The Selk'nam, also known as Ona people, was an indigenous community in the Patagonian region of southern Chile, including the Tierra del Fuego islands. Selk´nam might mean: The selected branch group.
The Selk'nam was a nomadic hunter aboriginal group, descendants of an ancient hunting tradition, who traveled most of Tierra del Fuego after the guanaco.
Due to the Chilean government’s initiative to integrate Tierra del Fuego to its territory in the late 19th century, the Selk'nam were one of the last aboriginal groups in South America to be reached by Westerners.
Selk'nam´s initiation ceremonies, called Hain, were probably one of the most captivating traditions of their culture.
Throughout the long months of the Hain ritual,
Selk'nam teenagers initiates, called Kloketens, became adult men.
In order to reach a higher state of mind and get enrichment life´s experiences, the Kloketens were brought into physical and moral assessments, committing to the traditions the elders or shamans taught them about the beginnings and transformations of both universe and earth, in the Selk'nam´s tongue: hoowin.
The Kloketens were educated on how to behave; they were instructed to obey their family and community responsibilities. Above all, they were taken on a journey where they would face life´s stepping stones.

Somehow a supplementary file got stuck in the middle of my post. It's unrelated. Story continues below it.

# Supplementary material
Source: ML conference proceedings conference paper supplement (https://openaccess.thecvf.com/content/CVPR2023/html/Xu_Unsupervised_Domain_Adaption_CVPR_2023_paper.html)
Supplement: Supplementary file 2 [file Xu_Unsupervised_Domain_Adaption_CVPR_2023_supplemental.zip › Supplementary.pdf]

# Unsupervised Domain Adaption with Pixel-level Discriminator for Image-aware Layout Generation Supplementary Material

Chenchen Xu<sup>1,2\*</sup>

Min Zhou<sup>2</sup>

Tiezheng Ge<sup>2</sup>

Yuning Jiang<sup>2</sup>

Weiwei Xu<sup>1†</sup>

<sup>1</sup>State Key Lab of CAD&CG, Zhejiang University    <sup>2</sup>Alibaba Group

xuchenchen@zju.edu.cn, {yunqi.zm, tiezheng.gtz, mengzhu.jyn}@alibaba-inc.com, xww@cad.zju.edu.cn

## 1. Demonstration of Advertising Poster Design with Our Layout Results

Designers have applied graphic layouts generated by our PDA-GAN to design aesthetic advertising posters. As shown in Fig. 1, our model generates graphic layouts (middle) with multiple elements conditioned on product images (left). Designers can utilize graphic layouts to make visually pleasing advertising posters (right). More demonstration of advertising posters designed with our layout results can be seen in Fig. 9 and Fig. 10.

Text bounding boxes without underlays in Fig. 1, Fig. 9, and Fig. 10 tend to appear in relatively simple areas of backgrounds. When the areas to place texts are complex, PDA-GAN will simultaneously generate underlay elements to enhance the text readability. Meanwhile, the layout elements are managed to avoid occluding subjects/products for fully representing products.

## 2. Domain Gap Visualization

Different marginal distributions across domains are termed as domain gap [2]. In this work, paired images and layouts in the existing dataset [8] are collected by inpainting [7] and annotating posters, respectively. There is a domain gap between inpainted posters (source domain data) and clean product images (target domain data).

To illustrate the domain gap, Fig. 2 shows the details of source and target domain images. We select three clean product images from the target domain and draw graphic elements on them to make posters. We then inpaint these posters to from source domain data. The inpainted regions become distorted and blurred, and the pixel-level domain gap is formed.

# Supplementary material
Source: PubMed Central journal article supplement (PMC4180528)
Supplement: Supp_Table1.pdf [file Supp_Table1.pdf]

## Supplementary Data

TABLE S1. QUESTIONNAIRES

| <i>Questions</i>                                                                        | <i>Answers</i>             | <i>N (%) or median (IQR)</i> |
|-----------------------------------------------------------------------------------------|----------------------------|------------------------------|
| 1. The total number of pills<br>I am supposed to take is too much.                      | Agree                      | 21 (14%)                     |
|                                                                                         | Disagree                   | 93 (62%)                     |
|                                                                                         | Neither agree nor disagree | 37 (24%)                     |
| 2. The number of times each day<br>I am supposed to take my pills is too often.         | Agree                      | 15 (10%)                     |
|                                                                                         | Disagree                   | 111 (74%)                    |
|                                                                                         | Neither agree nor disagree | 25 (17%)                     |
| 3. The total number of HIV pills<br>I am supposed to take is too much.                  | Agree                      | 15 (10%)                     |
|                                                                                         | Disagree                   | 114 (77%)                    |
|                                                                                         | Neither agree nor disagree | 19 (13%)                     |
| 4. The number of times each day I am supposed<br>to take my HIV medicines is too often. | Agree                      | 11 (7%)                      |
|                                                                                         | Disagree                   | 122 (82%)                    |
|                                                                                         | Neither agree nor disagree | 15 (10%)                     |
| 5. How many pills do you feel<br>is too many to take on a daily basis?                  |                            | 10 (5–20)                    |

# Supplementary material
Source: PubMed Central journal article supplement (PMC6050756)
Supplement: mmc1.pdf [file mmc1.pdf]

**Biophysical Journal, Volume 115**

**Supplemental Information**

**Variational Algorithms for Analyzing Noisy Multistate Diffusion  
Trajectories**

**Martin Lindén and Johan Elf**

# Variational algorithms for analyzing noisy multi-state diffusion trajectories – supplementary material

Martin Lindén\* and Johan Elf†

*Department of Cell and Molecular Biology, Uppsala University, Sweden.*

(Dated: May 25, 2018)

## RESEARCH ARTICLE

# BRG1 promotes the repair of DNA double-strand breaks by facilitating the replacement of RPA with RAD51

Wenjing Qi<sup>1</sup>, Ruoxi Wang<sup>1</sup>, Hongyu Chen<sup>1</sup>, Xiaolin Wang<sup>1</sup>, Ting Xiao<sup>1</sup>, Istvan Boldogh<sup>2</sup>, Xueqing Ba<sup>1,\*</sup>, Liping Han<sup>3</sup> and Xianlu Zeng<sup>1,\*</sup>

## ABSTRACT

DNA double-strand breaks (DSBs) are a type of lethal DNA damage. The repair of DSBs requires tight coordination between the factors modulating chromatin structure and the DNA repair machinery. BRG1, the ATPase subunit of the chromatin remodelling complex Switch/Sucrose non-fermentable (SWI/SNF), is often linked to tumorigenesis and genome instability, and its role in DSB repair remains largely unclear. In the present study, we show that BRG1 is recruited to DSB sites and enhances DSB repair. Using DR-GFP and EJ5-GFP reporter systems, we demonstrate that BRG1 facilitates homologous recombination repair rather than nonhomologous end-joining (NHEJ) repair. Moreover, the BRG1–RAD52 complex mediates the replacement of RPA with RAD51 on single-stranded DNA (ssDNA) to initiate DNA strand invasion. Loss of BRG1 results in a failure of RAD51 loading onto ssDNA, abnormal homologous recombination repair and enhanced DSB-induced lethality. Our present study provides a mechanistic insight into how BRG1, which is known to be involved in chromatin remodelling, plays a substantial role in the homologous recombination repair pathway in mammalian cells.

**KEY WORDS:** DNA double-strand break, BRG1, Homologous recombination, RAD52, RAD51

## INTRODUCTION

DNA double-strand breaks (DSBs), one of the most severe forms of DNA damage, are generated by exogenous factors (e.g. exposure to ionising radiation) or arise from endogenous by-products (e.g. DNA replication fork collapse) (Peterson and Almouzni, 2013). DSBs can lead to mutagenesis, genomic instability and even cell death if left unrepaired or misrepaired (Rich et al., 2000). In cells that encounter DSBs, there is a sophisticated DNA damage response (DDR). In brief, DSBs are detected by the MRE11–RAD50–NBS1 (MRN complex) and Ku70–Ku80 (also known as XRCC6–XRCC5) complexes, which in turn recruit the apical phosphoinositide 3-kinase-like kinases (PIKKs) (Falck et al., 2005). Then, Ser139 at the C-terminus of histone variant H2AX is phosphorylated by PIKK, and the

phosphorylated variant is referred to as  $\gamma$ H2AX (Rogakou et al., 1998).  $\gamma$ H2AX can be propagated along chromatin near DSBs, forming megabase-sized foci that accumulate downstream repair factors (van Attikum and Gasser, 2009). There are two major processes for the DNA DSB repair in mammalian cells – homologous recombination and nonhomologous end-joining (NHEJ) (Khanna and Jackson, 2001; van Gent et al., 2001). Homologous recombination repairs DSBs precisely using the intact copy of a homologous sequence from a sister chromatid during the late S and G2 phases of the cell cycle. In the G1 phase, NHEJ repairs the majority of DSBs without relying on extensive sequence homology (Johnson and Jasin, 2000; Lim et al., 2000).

During these months of hard training, the Kloketens would have to deal with unexpected hurdles and challenges along their journey. They would be faced to new situations, all by themselves, surviving in a hostile ambient; adapting to nature´s changes (rain, cold days and long nights out in the open).
The Kloketens would have to learn how to feed themselves, how to hunt and how to keep track of the path so they wouldn´t get lost. They were told to keep the eye on the journey, not on the journey's end.
The Kloketens were supposed to find joy by learning to forget about themselves and being able to endure in time.
The Kloketens would show their strength by facing and defeating the spirits and overcoming any kind of obstacles
Along the road, the Kloketens would be attacked by "spirits" -actually adult Selk'nam disguised as such. These spirits wore tall masks that reached their shoulders or even their knees. They used to paint their body in red; drawing white and black lines and circles to symbolize their character.
As a child, young Selk´nam were taught to fear these spirits when they misbehaved. They represented life´s obstacles, and each of them had its own actions, words and chants as well as typical costumes.
The Hain ritual would end with the last confrontation against the most dreadful spirit. Once the Kloketens were back in the tribe, the last part of the ritual would begin. Then, all the Selk'nam would gather at one place, in male and female camps. "Spirits" sometimes walked in on female camps and were around the place doing various tricks according to their characters.
Finally, the Kloketens would gather with the tribe´s shamans and each one would describe their journey in detail: how they felt, what they learnt, the environmental obstacles they faced, and so on.
After this gathering, the Kloketens were, at last, welcomed as grown-ups.
The last Hain was held in the early 20th century.